Photo of the captured B-17, with Balkenkreuz, is B-17F #41-24485 Wolf Hound of the 303rd Bomb Group.


We landed at our home airbase in Lavenham several hours after the group had returned.  By now it was late in the day and starting to get dark.  Somewhat reminiscent of our earlier landing that day an American officer came racing out to our plane, “What the hell happened to my new 17? You were supposed to be here hours ago.” I told the Major that we left his new plane back in Germany and traded it for this one instead. 



We were driven to the mess hall but were never officially debriefed or interrogated.  Later that evening I was taken to the Squadron Commander, Capt. “Pete” Riegal, and gave him a short version of our events that day.  He told me that we would not have to fly any further combat missions in this war, but he would not ground us.  We had crash landed 2 times in 28 missions as well as returned 5 times on two engines.





ince 2003 I have corresponded with Dr. Fritz Marktscheffel, archivist of Schulungskommando (schulungeslehrgang) "ELBE" and Arno Rose, both members of an organization in Germany dedicated to the preservation and dissemination of accurate information regarding a little known group in the Luffwaffe called Rammflotte Elbe.  Through numerous exchanges and research, their group deduced that the pilot of a BF109 who rammed our B-17 was Klaus Hahn and that I crash landed at Wernershohe.  [Marktscheffel, Fritz, Dr.,, Nachtigallenweg 8, D-61479 Glashütten/Ts.; Rose, Arno,]


Uffz Klauz Hahn took off in his Bf 109G, nicknamed “Beule”, from Sachau  with his squadron, but lagged behind because of a mechanical problem in the early minutes of his flight. Arriving at a height of 10,000 meters (~32,000 feet) over the area east of Weser, Klaus ran into a swarm of P-51 Mustangs. He was shot at from the left and behind. His face was cut from splinters from the instrument panel, his left upper arm was broken by a bullet, and left hand was badly mangled.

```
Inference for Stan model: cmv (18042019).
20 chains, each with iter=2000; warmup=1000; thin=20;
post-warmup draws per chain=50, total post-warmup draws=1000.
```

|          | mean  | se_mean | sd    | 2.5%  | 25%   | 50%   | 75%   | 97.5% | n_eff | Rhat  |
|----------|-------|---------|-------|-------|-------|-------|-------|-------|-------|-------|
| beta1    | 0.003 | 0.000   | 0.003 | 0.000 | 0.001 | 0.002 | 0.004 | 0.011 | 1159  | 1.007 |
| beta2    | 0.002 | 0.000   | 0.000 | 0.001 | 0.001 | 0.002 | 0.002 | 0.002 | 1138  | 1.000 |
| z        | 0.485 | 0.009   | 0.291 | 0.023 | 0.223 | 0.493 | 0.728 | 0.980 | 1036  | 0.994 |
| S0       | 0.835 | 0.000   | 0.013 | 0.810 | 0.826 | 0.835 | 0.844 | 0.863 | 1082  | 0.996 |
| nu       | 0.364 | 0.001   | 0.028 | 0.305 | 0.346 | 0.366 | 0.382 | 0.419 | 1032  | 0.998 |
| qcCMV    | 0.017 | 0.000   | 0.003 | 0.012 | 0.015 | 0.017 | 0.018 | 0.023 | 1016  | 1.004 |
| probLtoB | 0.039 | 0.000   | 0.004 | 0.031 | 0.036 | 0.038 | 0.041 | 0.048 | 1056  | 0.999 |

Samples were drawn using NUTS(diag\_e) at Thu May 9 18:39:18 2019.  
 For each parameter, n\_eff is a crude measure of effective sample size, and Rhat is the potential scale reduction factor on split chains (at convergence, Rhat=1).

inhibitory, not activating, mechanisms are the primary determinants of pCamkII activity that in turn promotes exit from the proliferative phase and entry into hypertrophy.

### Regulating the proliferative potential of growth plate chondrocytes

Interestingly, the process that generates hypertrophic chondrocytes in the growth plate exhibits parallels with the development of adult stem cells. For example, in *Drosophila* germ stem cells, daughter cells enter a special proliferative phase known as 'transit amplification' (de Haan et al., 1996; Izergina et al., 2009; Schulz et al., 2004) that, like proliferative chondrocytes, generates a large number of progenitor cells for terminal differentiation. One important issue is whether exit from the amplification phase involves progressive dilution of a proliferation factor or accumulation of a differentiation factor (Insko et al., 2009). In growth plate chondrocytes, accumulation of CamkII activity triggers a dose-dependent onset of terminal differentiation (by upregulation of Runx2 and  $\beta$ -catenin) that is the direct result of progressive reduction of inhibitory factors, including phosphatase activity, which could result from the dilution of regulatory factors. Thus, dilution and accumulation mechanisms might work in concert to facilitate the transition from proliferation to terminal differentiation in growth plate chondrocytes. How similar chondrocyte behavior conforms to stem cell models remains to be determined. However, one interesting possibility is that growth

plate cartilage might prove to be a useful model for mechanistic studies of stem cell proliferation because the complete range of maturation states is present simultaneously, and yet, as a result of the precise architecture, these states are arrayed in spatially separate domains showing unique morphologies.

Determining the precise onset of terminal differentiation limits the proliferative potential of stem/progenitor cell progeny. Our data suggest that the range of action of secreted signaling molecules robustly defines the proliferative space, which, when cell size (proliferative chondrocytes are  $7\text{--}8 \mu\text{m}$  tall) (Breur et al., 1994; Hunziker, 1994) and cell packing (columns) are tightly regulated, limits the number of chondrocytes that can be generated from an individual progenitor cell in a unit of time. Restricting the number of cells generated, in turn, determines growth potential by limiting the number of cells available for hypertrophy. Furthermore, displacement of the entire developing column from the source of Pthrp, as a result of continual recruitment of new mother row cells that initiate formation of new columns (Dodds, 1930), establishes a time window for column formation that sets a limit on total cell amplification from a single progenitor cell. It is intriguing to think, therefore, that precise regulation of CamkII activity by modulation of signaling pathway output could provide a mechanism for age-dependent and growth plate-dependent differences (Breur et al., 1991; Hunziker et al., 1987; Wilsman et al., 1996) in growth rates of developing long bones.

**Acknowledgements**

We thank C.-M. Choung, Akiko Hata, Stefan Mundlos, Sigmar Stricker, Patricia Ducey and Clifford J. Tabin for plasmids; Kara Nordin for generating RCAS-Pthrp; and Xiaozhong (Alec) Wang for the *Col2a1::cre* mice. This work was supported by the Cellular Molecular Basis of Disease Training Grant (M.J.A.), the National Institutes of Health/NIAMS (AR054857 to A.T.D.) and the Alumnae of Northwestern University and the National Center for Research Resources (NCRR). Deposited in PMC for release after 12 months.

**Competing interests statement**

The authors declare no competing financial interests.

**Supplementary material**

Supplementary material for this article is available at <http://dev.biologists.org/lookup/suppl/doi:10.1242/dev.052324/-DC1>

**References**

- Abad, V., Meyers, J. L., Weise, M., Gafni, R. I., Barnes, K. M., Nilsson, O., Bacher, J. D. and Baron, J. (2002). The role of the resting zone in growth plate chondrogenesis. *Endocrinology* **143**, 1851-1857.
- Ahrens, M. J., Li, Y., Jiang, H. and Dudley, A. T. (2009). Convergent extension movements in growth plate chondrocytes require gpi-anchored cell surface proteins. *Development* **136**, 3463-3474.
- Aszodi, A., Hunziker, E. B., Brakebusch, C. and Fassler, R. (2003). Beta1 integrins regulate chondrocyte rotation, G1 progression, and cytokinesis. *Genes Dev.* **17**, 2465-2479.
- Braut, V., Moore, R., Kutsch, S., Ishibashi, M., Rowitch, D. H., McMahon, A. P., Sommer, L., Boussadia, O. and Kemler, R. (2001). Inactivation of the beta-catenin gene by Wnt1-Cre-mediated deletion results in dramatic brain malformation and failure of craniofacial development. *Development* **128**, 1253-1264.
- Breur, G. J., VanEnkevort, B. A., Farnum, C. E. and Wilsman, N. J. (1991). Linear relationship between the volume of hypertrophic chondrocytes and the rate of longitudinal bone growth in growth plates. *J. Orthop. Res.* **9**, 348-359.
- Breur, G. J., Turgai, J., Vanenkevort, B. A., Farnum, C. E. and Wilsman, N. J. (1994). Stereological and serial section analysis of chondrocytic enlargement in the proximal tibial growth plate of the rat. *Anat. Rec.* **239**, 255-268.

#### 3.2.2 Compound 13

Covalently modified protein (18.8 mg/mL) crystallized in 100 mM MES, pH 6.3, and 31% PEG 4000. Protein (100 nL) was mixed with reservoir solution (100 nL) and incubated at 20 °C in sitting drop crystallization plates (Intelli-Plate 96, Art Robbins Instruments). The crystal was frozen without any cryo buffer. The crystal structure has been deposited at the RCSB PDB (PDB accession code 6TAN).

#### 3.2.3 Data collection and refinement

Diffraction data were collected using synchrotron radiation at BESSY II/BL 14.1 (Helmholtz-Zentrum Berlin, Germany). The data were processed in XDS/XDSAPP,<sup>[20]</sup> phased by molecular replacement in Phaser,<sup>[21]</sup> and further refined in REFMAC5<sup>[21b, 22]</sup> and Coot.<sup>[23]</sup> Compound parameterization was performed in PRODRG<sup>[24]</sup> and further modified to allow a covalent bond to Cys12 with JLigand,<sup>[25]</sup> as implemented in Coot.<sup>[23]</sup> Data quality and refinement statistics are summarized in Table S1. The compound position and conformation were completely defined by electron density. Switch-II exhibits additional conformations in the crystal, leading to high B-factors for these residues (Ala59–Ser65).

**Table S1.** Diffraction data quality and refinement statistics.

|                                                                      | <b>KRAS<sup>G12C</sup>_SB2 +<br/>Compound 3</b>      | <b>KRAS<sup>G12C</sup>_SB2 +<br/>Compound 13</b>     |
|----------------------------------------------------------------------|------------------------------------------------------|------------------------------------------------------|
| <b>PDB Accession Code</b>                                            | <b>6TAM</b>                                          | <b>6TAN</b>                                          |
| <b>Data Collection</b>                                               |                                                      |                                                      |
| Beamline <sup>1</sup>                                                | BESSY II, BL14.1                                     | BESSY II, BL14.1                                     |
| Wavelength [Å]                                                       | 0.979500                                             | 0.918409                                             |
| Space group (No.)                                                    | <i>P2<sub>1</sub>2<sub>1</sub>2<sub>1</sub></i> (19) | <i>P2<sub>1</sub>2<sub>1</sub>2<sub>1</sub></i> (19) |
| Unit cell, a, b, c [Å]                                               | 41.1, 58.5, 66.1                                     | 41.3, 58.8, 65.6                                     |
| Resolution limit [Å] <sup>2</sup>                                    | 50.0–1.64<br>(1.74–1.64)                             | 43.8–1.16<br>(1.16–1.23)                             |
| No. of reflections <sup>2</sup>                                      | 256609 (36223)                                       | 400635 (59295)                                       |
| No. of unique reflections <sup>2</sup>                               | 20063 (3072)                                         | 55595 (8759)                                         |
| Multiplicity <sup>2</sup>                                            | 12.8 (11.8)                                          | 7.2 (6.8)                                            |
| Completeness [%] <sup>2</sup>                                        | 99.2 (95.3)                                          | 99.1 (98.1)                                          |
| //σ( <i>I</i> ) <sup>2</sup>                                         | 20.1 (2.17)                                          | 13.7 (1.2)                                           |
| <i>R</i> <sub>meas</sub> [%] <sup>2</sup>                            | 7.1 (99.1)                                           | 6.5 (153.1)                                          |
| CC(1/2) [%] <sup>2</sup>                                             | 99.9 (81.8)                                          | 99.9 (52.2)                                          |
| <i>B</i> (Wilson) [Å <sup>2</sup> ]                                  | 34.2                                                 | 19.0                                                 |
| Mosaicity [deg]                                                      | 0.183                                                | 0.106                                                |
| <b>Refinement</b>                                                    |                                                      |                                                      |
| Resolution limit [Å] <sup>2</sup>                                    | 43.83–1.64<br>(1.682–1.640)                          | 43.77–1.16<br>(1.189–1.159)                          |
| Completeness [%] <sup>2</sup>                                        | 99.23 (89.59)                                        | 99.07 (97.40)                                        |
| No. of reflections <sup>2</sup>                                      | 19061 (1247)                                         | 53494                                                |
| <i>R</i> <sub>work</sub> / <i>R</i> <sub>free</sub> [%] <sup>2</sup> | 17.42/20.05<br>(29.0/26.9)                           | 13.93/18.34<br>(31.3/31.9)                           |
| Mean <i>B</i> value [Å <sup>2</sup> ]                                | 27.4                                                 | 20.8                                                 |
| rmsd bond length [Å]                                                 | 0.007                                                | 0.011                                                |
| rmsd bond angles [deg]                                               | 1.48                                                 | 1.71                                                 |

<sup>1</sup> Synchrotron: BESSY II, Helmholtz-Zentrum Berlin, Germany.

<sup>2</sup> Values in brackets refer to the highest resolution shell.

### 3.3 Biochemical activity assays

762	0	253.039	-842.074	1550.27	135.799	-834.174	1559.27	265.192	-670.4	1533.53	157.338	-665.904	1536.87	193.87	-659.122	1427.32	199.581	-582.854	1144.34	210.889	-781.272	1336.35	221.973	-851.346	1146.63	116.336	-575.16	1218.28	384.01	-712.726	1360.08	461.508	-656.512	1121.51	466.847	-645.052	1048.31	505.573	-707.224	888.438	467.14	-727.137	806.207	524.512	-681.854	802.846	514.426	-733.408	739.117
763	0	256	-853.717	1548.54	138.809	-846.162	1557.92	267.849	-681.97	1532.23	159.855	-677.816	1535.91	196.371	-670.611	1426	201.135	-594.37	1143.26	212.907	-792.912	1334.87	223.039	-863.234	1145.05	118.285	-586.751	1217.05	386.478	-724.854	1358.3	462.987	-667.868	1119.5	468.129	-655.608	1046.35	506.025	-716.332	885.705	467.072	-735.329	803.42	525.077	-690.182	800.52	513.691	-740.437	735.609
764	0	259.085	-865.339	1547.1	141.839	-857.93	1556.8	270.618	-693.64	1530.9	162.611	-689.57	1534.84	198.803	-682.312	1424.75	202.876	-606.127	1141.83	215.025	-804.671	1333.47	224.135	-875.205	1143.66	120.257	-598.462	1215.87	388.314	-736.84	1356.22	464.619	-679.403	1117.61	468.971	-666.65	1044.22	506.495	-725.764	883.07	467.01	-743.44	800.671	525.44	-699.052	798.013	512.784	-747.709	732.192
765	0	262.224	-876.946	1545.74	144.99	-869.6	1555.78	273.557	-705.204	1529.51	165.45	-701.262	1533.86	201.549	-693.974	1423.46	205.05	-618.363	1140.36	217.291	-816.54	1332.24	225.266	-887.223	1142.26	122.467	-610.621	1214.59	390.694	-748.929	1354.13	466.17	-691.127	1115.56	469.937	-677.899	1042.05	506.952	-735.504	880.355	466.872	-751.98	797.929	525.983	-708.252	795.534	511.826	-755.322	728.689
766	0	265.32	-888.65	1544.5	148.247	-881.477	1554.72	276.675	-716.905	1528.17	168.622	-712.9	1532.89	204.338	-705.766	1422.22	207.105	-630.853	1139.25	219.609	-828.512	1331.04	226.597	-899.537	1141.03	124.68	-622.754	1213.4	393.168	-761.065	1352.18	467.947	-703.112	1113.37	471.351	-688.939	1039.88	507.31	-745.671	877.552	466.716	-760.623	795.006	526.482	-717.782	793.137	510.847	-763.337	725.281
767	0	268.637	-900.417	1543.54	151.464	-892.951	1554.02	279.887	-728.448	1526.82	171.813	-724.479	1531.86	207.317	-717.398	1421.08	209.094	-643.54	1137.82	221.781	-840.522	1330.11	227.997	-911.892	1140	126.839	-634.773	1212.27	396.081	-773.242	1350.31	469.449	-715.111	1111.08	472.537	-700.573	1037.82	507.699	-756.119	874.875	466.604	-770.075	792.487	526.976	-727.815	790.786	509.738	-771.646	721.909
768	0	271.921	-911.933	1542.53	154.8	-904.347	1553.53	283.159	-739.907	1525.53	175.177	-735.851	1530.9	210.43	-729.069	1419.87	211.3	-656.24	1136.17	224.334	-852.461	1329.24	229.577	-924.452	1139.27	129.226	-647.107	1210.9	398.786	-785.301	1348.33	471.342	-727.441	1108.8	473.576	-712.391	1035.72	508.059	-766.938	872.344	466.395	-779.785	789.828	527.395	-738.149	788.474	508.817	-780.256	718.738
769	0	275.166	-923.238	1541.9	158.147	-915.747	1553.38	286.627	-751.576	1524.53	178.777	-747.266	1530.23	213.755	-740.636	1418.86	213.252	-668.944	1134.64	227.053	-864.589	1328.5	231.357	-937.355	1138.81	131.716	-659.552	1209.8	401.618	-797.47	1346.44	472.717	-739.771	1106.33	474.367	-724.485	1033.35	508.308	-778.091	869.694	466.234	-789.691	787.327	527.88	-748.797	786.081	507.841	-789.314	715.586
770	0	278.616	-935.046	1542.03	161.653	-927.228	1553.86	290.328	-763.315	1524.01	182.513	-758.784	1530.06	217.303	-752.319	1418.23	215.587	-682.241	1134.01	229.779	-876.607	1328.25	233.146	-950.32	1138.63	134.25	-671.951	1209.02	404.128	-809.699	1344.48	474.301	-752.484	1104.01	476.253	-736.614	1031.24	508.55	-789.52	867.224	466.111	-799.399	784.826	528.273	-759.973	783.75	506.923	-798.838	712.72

In Klaus’ personal account he writes; “ I rolled my plane sideways and dived towards the bombers for an attack. On nearing the height on which they flew, I clearly identified them as B-17s. I did not dive straight at my target, but a little from the side. I pulled my machine out of the dive as steeply as I could and charged at the side of the bomber. With the high speed that I had built up in the power dive, I approached the bomber very rapidly.  What actually happened during the actual ramming, I cannot tell from my own observations. My last thought was: ‘Get out now!’ and I must have acted accordingly.  An eye witness on the ground later explained that my machine was trailing smoke immediately after combat with the Mustangs.”


The Fortress that Klaus Hahn rammed was a B-17 of the 487th BG which was observed rammed from a four o’clock high position at 1315 hours in position 52° 40’N-09° 50’E, after which the wing of the Bf109 came off and the fighter exploded. Although damaged in the tail unit, the bomber started limping back to base.